Serves 4 – 6/Prep 20mins/Cook 45 – 50 mins plus soaking time overnight

100g dried chickpeas (or 400g can chickpeas) 2 medium raw beetroot, scrubbed and trimmed
3 tbsp extra virgin olive oil
1/2 tsp cumin seeds
1 – 2 cloves garlic, finely chopped
juice of 1 lemon
2 tbsp tahini paste (optional)
salt and freshly ground black pepper
extra virgin olive oil to finish
warm pitta bread and vegetable crudités to serve

1 Cover the dried chickpeas in cold water and leave to soak overnight. The following day Preheat the oven to 200C/fan oven 190C/Gas mark 6. Drain the chickpeas and place in a pan covered with fresh cold water. Bring to the boil, boil for 10 minutes then simmer for a further 35 – 40 minutes until just tender. Leave to cool in the cooking water.

2  While the chick peas are cooking put the beetroot into wedges and arrange on a baking sheet. Drizzle with half the olive oil, scatter with the cumin seeds and seasoning. Roast for 45 minutes until tender, turning once during cooking. Leave to cool.

3 Place the drained chickpeas in a processor or blender (reserve the cooking water from the chickpeas) with the garlic, lemon juice and seasoning and whiz until almost smooth and thick. Add some of the cooking juices if the mixture is too thick to let it down. Add the beetroot with any cooking juices and tahini and whiz again to give a brightly coloured paste then drizzle in the olive oil and blend again quickly to mix. Check the seasoning.

4 Spoon the hummus into a serving bowl and add a splash of olive oil. Serve with warm pitta bread and vegetable crudites. Keep covered with cling wrap in the fridge for 2 – 3 days.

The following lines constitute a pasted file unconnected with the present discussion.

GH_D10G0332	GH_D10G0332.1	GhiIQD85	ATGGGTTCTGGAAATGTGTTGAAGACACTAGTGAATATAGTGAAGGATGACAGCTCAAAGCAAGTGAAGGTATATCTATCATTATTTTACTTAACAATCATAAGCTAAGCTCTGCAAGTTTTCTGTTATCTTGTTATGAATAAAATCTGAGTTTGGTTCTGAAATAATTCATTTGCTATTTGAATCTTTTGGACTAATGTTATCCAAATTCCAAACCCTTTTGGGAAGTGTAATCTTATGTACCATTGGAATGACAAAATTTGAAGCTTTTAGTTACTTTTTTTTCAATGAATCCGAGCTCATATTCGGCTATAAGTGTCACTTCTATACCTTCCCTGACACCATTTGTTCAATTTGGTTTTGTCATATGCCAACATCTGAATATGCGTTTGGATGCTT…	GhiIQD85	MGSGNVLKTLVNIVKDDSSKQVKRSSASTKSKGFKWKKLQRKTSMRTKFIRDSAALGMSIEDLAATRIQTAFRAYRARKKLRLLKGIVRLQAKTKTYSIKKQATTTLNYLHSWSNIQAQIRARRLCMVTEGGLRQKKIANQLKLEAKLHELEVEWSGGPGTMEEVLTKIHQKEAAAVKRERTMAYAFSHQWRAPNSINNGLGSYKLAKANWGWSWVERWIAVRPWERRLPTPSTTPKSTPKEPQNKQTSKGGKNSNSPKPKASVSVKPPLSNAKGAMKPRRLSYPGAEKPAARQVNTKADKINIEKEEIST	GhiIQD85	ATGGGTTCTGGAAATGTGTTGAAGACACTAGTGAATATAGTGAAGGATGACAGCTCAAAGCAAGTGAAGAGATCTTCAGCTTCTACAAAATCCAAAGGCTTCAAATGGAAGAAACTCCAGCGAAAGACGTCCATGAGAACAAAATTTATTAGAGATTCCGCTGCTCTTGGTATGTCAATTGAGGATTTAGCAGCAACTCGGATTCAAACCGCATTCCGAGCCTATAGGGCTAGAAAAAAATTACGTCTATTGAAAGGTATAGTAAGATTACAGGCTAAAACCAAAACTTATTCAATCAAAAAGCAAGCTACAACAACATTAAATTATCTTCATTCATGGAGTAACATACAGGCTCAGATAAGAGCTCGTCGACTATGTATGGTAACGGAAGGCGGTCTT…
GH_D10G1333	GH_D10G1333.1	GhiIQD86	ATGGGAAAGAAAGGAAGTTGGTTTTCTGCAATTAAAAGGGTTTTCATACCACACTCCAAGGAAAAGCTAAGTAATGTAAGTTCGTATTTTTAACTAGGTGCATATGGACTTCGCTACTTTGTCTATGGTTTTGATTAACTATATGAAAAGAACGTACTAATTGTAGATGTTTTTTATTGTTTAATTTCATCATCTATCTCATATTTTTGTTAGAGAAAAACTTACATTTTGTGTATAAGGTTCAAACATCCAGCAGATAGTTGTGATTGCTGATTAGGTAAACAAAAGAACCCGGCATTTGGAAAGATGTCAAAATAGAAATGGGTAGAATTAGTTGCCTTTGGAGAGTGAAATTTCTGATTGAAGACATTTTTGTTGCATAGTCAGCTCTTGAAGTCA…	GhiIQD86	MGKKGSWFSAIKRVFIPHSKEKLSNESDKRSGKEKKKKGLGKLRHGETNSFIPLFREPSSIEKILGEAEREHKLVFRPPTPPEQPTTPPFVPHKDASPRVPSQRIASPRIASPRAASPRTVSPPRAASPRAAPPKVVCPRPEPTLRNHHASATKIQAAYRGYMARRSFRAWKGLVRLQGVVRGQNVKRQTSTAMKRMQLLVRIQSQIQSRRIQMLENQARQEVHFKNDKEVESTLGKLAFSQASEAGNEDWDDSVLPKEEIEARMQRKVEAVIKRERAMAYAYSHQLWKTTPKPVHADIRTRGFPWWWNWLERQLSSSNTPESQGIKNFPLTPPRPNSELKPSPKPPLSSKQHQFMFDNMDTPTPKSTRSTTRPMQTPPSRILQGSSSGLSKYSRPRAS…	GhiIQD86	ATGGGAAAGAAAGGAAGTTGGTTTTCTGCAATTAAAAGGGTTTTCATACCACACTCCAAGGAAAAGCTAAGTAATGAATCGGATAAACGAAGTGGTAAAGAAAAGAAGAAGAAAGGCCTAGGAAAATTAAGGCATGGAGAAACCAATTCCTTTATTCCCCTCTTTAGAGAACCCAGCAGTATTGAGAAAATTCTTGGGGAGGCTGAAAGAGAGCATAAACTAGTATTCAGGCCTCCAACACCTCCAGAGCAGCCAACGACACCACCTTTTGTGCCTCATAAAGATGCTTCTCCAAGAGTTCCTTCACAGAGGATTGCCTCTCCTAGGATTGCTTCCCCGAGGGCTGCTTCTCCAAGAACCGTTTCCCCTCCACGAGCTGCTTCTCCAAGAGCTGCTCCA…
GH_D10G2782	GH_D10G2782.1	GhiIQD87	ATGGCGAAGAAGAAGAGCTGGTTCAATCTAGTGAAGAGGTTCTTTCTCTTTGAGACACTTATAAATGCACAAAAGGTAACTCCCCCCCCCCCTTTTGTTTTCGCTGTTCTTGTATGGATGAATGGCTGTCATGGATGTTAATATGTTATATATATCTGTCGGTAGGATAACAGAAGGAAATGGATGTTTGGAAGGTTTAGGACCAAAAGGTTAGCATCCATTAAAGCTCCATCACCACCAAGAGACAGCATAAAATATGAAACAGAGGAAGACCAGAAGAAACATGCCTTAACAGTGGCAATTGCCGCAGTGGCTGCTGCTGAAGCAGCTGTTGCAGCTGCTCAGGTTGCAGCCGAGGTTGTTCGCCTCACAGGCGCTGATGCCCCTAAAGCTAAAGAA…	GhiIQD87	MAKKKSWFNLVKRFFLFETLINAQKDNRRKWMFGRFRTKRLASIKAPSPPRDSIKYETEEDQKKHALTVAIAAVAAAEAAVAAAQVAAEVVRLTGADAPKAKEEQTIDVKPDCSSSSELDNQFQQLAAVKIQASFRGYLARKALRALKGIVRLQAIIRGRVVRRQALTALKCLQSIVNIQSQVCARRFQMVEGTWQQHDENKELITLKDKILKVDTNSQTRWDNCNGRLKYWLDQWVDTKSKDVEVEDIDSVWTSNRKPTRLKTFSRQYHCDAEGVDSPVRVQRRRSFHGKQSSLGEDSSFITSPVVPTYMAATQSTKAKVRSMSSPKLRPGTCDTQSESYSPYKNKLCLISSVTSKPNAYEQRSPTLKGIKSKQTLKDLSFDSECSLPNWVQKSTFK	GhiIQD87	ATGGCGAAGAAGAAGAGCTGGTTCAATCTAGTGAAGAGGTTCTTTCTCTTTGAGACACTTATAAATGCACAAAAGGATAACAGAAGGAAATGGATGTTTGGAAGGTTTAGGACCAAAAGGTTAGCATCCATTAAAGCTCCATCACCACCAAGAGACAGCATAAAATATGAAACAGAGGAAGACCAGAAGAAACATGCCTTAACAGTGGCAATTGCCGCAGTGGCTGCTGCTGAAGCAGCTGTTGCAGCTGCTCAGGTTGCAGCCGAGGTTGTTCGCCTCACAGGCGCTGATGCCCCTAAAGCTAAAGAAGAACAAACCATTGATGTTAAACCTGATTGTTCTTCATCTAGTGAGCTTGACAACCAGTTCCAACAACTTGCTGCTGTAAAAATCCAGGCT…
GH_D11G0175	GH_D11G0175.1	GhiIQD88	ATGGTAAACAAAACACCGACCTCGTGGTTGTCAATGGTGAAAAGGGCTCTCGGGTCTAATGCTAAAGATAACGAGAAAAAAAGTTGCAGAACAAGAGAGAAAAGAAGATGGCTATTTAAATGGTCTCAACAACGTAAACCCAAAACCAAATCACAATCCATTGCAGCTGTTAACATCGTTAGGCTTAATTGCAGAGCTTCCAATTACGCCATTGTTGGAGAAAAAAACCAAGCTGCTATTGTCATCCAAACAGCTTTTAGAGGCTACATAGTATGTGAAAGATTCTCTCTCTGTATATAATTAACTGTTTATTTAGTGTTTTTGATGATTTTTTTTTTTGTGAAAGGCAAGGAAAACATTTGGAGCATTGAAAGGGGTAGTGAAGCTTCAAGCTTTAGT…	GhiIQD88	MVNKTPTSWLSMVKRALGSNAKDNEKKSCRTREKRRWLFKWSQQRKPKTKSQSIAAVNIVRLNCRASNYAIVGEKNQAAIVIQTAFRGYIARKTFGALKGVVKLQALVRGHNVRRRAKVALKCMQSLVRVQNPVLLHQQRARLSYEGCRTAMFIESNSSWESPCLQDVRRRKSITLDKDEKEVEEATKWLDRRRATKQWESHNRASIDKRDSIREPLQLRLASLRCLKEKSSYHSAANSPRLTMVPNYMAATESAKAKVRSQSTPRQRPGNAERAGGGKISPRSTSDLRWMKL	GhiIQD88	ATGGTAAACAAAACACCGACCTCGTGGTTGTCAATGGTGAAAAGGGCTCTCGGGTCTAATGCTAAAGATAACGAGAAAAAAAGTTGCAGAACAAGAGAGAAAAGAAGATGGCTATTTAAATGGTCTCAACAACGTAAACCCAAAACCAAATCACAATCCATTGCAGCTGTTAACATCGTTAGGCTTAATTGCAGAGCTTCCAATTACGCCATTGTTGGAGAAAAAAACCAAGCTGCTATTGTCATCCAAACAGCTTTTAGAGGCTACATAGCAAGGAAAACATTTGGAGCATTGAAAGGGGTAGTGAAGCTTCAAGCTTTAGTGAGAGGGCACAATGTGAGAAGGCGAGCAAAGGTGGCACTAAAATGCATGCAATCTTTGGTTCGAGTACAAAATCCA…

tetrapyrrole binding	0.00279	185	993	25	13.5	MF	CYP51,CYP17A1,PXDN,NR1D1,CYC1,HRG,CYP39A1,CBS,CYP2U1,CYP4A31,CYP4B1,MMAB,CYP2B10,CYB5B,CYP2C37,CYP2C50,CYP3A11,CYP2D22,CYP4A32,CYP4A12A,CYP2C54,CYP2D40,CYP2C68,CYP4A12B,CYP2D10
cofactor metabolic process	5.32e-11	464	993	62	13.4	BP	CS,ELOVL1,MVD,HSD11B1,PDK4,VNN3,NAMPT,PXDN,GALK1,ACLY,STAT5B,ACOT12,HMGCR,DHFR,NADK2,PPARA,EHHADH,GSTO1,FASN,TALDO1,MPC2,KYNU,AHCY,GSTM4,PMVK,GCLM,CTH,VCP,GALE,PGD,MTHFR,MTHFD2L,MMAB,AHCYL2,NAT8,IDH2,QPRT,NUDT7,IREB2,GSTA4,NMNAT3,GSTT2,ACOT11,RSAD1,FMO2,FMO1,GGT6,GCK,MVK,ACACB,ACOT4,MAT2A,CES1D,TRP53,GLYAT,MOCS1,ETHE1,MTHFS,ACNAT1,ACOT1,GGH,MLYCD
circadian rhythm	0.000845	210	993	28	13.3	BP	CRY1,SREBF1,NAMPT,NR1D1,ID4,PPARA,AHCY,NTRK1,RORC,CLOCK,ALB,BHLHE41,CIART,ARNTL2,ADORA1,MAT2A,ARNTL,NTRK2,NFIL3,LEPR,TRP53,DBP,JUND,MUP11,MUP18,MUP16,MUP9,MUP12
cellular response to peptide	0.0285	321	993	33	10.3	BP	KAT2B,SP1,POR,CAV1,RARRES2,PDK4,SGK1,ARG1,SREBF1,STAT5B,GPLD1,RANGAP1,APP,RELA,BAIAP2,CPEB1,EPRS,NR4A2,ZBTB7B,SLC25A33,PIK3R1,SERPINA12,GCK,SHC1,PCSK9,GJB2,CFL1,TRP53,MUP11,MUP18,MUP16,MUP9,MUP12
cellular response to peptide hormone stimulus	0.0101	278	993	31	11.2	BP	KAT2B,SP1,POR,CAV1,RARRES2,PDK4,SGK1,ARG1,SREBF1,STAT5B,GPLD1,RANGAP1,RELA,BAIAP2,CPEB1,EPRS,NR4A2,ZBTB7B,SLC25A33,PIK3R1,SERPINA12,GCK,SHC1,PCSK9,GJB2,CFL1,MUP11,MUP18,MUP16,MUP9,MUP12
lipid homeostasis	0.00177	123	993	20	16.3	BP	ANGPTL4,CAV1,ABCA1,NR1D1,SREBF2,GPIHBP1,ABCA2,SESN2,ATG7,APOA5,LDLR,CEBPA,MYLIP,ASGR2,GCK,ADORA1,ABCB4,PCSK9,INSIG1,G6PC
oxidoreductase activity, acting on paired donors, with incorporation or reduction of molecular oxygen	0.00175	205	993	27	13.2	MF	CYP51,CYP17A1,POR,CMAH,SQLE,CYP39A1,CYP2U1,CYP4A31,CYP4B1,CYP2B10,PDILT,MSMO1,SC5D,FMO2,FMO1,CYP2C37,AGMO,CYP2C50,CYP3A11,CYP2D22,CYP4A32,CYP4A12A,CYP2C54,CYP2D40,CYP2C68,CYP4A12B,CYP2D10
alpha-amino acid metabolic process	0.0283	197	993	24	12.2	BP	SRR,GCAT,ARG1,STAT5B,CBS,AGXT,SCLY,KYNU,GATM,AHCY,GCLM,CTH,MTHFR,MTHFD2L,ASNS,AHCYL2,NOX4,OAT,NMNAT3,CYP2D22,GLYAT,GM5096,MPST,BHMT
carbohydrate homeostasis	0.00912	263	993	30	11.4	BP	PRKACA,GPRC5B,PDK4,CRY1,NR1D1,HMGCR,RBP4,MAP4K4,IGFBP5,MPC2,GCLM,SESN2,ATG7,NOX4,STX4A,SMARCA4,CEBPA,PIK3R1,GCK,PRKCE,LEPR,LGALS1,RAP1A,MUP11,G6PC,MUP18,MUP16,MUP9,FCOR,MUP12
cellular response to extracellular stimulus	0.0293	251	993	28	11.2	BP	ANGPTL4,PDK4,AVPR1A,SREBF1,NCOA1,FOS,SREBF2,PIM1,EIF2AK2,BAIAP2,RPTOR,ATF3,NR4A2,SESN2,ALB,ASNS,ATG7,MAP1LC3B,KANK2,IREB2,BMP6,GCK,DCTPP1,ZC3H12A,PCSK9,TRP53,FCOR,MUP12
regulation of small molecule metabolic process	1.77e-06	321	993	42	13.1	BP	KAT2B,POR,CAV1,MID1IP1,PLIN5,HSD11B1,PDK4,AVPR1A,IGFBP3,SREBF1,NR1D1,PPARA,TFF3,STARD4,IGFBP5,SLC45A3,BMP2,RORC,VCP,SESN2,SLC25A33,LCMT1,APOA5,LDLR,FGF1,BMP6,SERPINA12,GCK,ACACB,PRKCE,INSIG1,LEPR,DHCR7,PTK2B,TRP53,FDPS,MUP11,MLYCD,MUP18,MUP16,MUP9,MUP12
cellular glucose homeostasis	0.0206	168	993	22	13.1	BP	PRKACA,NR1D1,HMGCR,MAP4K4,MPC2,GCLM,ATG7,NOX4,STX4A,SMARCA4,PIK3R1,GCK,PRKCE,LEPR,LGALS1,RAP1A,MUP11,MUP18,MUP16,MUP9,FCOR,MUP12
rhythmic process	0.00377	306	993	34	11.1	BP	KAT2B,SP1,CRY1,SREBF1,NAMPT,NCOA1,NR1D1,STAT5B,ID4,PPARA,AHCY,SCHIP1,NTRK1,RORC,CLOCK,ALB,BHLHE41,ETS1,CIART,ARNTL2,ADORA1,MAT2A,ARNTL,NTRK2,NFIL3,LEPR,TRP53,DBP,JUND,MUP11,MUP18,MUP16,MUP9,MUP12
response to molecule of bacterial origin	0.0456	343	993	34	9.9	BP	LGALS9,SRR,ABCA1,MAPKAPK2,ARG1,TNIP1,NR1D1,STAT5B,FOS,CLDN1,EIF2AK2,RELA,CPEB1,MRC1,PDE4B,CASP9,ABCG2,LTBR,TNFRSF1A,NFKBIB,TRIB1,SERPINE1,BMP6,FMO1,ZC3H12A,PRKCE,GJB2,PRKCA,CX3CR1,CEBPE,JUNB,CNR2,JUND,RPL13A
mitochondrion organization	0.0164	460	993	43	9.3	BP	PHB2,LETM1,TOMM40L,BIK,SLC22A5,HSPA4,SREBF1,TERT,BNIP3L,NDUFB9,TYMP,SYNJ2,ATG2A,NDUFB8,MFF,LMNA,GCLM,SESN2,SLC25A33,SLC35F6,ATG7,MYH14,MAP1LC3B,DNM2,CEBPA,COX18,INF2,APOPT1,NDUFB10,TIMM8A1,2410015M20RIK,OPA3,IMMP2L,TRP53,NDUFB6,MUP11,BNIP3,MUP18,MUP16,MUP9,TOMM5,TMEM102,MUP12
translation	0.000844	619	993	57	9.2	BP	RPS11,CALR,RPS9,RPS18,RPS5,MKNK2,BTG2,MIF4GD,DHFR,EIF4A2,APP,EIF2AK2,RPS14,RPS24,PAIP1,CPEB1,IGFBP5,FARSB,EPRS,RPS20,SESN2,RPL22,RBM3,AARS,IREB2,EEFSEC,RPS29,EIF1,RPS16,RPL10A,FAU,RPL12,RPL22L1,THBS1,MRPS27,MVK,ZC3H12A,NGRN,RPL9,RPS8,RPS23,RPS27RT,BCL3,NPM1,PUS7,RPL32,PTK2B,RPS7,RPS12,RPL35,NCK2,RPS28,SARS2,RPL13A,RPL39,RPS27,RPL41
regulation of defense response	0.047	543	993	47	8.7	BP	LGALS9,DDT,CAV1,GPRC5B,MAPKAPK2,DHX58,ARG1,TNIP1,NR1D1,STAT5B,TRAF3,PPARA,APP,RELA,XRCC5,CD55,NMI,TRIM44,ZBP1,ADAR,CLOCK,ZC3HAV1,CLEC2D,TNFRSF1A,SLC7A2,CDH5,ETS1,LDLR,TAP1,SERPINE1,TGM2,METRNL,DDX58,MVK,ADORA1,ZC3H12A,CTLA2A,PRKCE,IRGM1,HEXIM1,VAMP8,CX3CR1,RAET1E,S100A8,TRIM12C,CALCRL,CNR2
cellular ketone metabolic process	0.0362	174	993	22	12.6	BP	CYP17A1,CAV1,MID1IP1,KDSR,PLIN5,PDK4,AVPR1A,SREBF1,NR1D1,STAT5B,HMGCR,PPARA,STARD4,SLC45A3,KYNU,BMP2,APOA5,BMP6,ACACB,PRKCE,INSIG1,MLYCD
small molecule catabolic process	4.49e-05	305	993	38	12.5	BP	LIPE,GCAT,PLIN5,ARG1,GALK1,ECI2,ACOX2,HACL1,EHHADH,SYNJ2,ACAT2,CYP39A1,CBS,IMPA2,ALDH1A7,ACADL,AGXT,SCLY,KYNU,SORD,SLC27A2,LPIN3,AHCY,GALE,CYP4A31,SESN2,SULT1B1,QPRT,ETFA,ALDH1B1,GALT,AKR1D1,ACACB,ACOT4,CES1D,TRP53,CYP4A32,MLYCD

Cook’s tip: Both the cooked chick peas and hummus freeze well so I tend to make a large batch then keep chickpeas and hummus in my freezer ready for emergencies. Freeze in rigid containers for up to three months. Defrost overnight loosely wrapped in a cool place.

Wild garlic and nettle soup

The first shoots of nettles and wild garlic are emerging along the banks of streams and in hedgerows, and are a wonderful source of useful minerals and vitamins. They are a seasonal favourite of mine at a time when there isn’t much choice of fresh greenery around. Hugh Fearnley Whittingstall was encouraging us to eat more nettles last week on the Today programme and I don’t need much encouragement. I love the idea that I am picking my wild food in the same places that the people who have lived in my cottage over the past 500 years it has been in existence have done at this time of year.

I use both together and separately in soups, potato dishes such as the Nettle Champ recipe in The WI Cookbook: The First 100 Years, in risottos and pasta dishes. Wild garlic also goes into salads, shredded in omelettes or stir fried with ginger as a vegetable, rather like spinach.

Pick just the top six leaves of newly emerging nettles with rubber gloves. Wild garlic can be used with its flowers. Pick away from traffic or where farmers have sprayed. Nettles will lose their sting as soon as you heat them. They have a fresh intense green flavour similar to spinach and are packed with useful vitamins – including A, C, and K – and minerals such as iron and calcium, high in protein, and traditionally valued for their blood thinning and diuretic properties. Wild garlic has a milder flavour than traditional bulbs of garlic and is lovely wrapped around fish fillets before baking, shredded into egg dishes such as omelettes. You can eat the white flowers as well as the leaves. Remember to pick a few leaves from each clump rather than decimate your local patch so the plants are there for others.